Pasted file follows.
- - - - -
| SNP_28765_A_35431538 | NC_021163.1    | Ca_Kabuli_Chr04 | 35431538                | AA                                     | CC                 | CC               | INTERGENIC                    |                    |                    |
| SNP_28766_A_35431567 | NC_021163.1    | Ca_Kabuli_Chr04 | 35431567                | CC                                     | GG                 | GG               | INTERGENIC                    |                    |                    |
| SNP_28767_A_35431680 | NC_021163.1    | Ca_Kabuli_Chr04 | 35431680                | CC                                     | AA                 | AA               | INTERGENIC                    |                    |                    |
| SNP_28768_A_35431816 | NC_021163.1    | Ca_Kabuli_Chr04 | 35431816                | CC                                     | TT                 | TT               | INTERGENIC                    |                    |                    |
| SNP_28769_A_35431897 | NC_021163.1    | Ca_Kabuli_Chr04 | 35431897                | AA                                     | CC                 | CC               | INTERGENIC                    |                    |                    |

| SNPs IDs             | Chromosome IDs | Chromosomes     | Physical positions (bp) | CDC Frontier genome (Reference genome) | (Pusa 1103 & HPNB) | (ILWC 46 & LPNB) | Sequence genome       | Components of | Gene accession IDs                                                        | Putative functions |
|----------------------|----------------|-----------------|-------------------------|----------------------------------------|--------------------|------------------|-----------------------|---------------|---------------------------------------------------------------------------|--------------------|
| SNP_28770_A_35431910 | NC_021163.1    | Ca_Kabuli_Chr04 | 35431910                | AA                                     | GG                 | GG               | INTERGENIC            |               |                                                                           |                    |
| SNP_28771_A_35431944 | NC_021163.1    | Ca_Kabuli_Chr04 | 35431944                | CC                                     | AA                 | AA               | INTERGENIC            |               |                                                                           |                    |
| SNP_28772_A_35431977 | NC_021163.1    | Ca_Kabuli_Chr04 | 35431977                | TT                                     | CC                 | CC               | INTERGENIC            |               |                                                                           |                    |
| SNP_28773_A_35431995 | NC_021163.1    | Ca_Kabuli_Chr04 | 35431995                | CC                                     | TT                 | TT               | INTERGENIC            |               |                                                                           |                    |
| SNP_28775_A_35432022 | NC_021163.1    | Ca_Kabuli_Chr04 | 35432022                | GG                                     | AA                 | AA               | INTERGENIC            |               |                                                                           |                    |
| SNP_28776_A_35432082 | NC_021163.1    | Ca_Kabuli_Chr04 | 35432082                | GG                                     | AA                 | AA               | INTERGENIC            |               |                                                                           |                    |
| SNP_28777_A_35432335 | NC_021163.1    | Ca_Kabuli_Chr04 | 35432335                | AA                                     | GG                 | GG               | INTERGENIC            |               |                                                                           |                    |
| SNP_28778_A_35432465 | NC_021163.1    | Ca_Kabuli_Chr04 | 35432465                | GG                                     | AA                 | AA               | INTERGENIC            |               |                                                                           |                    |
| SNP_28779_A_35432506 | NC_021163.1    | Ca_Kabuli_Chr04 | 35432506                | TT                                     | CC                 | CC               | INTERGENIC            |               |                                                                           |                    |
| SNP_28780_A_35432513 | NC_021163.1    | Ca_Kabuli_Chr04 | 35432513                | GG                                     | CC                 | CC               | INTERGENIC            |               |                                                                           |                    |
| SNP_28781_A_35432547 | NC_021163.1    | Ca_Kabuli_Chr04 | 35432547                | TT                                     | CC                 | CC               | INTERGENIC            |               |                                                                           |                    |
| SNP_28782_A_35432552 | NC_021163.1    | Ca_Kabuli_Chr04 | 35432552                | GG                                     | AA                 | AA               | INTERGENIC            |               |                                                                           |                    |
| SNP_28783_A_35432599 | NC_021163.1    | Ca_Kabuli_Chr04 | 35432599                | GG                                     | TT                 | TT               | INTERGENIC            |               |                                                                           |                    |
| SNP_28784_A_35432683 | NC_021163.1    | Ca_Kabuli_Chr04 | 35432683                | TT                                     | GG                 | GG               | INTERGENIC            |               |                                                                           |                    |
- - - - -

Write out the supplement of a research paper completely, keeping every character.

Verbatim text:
| SNP_28765_A_35431538 | NC_021163.1    | Ca_Kabuli_Chr04 | 35431538                | AA                                     | CC                 | CC               | INTERGENIC                    |                    |                    |
| SNP_28766_A_35431567 | NC_021163.1    | Ca_Kabuli_Chr04 | 35431567                | CC                                     | GG                 | GG               | INTERGENIC                    |                    |                    |
| SNP_28767_A_35431680 | NC_021163.1    | Ca_Kabuli_Chr04 | 35431680                | CC                                     | AA                 | AA               | INTERGENIC                    |                    |                    |
| SNP_28768_A_35431816 | NC_021163.1    | Ca_Kabuli_Chr04 | 35431816                | CC                                     | TT                 | TT               | INTERGENIC                    |                    |                    |
| SNP_28769_A_35431897 | NC_021163.1    | Ca_Kabuli_Chr04 | 35431897                | AA                                     | CC                 | CC               | INTERGENIC                    |                    |                    |

| SNPs IDs             | Chromosome IDs | Chromosomes     | Physical positions (bp) | CDC Frontier genome (Reference genome) | (Pusa 1103 & HPNB) | (ILWC 46 & LPNB) | Sequence genome       | Components of | Gene accession IDs                                                        | Putative functions |
|----------------------|----------------|-----------------|-------------------------|----------------------------------------|--------------------|------------------|-----------------------|---------------|---------------------------------------------------------------------------|--------------------|
| SNP_28770_A_35431910 | NC_021163.1    | Ca_Kabuli_Chr04 | 35431910                | AA                                     | GG                 | GG               | INTERGENIC            |               |                                                                           |                    |
| SNP_28771_A_35431944 | NC_021163.1    | Ca_Kabuli_Chr04 | 35431944                | CC                                     | AA                 | AA               | INTERGENIC            |               |                                                                           |                    |
| SNP_28772_A_35431977 | NC_021163.1    | Ca_Kabuli_Chr04 | 35431977                | TT                                     | CC                 | CC               | INTERGENIC            |               |                                                                           |                    |
| SNP_28773_A_35431995 | NC_021163.1    | Ca_Kabuli_Chr04 | 35431995                | CC                                     | TT                 | TT               | INTERGENIC            |               |                                                                           |                    |
| SNP_28775_A_35432022 | NC_021163.1    | Ca_Kabuli_Chr04 | 35432022                | GG                                     | AA                 | AA               | INTERGENIC            |               |                                                                           |                    |
| SNP_28776_A_35432082 | NC_021163.1    | Ca_Kabuli_Chr04 | 35432082                | GG                                     | AA                 | AA               | INTERGENIC            |               |                                                                           |                    |
| SNP_28777_A_35432335 | NC_021163.1    | Ca_Kabuli_Chr04 | 35432335                | AA                                     | GG                 | GG               | INTERGENIC            |               |                                                                           |                    |
| SNP_28778_A_35432465 | NC_021163.1    | Ca_Kabuli_Chr04 | 35432465                | GG                                     | AA                 | AA               | INTERGENIC            |               |                                                                           |                    |
| SNP_28779_A_35432506 | NC_021163.1    | Ca_Kabuli_Chr04 | 35432506                | TT                                     | CC                 | CC               | INTERGENIC            |               |                                                                           |                    |
| SNP_28780_A_35432513 | NC_021163.1    | Ca_Kabuli_Chr04 | 35432513                | GG                                     | CC                 | CC               | INTERGENIC            |               |                                                                           |                    |
| SNP_28781_A_35432547 | NC_021163.1    | Ca_Kabuli_Chr04 | 35432547                | TT                                     | CC                 | CC               | INTERGENIC            |               |                                                                           |                    |
| SNP_28782_A_35432552 | NC_021163.1    | Ca_Kabuli_Chr04 | 35432552                | GG                                     | AA                 | AA               | INTERGENIC            |               |                                                                           |                    |
| SNP_28783_A_35432599 | NC_021163.1    | Ca_Kabuli_Chr04 | 35432599                | GG                                     | TT                 | TT               | INTERGENIC            |               |                                                                           |                    |
| SNP_28784_A_35432683 | NC_021163.1    | Ca_Kabuli_Chr04 | 35432683                | TT                                     | GG                 | GG               | INTERGENIC            |               |                                                                           |                    |